GSBS Student Publications

Title

The absence of Itk inhibits positive selection without changing lineage commitment

UMMS Affiliation

Graduate School of Biomedical Sciences; Program in Immunology and Virology; Department of Pathology

Date

6-11-2002

Document Type

Article

Medical Subject Headings

Animals; Antigen-Presenting Cells; *Antigens, CD; Antigens, CD4; Antigens, CD5; Biological Markers; Cell Differentiation; Cell Lineage; Dose-Response Relationship, Immunologic; Down-Regulation; H-2 Antigens; Ligands; Membrane Glycoproteins; Mice; Mice, Inbred C57BL; Mice, Knockout; Mice, Transgenic; Protein-Tyrosine Kinases; Receptors, Antigen, T-Cell, alpha-beta; *Receptors, Immunologic; Signal Transduction; T-Lymphocyte Subsets; Thymus Gland; Transgenes

Disciplines

Life Sciences | Medicine and Health Sciences

Abstract

The Tec family tyrosine kinase Itk is critical for efficient signaling downstream of the TCR. Biochemically, Itk is directly phosphorylated and activated by Lck. Subsequently, Itk activates phospholipase C-gamma1, leading to calcium mobilization and extracellular signal-regulated kinase/mitogen-activated protein kinase activation. These observations suggested that Itk might play an important role in positive selection and CD4/CD8 lineage commitment during T cell development in the thymus. To test this, we crossed Itk-deficient mice to three lines of TCR transgenics and analyzed progeny on three different MHC backgrounds. Analysis of these mice revealed that fewer TCR transgenic T cells develop in the absence of Itk. In addition, examination of multiple T cell development markers indicates that multiple stages of positive selection are affected by the absence of Itk, but the T cells that do develop appear normal. In contrast to the defects in positive selection, CD4/CD8 lineage commitment seems to be intact in all the TCR transgenic itk(-/-) lines tested. Overall, these data indicate that altering TCR signals by the removal of Itk does not affect the appropriate differentiation of thymocytes based on their MHC specificity, but does impact the efficiency with which thymocytes complete their maturation process.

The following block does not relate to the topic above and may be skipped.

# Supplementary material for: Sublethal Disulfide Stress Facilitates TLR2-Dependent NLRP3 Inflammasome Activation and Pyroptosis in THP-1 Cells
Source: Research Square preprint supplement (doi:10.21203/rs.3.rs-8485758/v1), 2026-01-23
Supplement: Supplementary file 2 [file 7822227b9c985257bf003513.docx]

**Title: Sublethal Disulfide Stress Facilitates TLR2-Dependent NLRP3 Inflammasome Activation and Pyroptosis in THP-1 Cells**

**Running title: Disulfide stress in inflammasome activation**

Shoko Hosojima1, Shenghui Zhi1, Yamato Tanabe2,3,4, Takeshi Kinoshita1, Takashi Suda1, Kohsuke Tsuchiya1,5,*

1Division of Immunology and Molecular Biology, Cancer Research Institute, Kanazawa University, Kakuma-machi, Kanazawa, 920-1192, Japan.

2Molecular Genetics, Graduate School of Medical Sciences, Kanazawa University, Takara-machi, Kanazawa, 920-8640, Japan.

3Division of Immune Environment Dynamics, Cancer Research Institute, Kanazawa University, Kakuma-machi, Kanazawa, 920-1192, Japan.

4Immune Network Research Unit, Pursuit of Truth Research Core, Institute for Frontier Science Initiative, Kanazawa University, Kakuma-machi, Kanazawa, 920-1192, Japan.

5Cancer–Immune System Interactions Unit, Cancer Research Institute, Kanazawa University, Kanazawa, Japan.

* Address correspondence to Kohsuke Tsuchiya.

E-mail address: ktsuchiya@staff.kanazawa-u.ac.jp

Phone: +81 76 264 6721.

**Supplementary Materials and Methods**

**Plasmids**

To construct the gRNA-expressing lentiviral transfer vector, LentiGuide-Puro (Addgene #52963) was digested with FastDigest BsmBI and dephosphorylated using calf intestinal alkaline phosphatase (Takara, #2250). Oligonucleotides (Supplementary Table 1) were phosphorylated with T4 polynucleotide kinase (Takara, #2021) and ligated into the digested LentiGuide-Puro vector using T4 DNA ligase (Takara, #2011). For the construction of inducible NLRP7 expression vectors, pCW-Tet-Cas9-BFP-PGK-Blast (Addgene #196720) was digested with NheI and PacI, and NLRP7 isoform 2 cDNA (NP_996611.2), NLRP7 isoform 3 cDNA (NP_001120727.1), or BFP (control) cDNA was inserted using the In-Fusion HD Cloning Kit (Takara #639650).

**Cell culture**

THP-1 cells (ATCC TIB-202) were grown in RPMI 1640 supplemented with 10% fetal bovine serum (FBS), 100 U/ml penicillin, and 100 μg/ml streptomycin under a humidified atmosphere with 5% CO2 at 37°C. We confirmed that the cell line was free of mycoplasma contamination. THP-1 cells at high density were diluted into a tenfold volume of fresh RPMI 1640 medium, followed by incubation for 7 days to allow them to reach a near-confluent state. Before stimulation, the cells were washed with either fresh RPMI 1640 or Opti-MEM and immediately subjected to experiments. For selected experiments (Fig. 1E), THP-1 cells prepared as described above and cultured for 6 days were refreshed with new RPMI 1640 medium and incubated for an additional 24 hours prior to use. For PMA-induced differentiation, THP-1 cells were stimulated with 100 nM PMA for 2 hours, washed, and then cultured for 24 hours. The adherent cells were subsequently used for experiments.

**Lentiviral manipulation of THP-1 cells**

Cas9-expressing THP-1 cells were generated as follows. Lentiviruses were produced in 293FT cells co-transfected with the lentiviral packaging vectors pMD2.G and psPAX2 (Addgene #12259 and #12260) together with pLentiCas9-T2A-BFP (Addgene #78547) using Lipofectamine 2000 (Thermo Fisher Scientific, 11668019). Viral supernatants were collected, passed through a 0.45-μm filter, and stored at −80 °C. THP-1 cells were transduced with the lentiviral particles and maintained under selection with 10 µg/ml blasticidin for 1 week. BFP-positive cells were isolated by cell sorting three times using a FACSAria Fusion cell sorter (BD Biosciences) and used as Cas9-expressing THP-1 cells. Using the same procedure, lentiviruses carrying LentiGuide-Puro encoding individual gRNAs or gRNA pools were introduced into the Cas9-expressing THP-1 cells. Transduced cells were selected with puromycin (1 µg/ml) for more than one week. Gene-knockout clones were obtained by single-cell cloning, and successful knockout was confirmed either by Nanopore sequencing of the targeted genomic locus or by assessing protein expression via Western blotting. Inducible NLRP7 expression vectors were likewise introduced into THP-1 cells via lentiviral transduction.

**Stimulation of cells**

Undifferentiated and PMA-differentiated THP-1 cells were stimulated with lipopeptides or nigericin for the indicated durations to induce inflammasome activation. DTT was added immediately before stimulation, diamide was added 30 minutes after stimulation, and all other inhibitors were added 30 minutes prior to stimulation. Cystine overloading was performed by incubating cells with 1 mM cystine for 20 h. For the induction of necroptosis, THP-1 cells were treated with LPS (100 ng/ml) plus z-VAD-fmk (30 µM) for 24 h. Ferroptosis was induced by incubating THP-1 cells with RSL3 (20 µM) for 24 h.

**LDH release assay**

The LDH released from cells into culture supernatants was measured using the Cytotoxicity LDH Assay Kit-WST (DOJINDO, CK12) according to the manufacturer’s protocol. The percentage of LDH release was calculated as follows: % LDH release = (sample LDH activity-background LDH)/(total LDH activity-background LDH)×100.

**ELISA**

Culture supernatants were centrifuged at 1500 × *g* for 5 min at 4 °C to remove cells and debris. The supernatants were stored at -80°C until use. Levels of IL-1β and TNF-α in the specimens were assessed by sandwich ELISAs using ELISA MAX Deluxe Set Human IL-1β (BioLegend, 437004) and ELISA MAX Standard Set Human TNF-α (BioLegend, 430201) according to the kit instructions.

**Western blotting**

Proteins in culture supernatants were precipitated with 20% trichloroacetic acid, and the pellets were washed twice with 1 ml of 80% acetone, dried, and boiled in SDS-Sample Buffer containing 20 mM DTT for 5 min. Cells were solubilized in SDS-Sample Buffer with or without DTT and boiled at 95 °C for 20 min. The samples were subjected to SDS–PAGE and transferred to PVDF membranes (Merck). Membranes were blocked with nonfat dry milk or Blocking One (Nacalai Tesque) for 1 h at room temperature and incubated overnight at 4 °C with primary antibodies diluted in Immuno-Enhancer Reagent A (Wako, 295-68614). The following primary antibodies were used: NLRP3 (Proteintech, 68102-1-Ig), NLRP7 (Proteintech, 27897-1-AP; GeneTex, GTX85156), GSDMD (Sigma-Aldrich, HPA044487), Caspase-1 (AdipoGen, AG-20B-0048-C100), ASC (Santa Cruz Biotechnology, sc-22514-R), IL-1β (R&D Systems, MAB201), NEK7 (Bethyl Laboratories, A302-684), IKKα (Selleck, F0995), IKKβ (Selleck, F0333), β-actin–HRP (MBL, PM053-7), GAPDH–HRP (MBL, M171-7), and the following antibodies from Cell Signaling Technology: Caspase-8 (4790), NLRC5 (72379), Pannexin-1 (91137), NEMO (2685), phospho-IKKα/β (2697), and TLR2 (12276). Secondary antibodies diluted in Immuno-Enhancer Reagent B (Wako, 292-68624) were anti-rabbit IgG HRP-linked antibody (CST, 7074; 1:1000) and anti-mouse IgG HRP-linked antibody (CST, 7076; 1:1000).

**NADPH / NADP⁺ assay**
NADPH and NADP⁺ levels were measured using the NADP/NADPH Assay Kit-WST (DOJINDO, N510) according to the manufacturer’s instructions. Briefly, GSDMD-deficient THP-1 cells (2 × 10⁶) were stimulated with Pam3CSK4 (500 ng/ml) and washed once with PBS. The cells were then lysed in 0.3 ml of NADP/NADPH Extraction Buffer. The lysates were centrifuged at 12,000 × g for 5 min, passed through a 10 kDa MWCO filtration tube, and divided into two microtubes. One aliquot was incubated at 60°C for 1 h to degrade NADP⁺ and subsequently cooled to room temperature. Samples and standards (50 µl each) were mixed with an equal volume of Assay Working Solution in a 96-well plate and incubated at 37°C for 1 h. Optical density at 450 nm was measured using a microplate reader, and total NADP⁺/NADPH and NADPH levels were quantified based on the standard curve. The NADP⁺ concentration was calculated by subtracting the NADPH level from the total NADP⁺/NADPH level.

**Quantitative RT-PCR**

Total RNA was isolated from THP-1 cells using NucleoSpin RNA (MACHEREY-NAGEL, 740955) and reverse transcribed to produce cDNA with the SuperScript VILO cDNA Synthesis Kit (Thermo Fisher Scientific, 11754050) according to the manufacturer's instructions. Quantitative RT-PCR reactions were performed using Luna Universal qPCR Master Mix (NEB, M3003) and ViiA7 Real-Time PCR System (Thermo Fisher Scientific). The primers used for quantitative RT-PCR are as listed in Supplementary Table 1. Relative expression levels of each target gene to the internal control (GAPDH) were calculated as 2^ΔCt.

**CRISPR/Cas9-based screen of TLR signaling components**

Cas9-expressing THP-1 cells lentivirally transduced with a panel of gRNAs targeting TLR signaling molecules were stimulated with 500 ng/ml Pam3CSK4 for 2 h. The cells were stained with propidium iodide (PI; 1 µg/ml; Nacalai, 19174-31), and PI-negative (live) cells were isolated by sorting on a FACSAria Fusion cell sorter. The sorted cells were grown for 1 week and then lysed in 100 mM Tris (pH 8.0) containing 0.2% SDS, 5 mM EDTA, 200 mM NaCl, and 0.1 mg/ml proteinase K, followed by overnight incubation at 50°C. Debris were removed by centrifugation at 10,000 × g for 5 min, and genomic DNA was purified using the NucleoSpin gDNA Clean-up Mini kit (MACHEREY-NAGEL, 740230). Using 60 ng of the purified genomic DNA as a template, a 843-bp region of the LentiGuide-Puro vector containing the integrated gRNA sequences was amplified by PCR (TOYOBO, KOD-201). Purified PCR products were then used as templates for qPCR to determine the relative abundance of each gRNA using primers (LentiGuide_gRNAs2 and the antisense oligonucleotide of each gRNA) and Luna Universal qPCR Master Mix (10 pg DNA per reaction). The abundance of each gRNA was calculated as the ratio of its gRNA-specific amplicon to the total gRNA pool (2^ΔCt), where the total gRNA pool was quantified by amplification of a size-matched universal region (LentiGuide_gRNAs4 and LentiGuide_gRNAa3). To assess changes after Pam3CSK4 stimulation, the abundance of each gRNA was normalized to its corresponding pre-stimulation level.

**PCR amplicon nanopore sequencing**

Rights and Permissions

Citation: J Immunol. 2002 Jun 15;168(12):6142-51.

Related Resources

Link to article in PubMed

Journal Title

Journal of immunology (Baltimore, Md. : 1950)

PubMed ID

12055226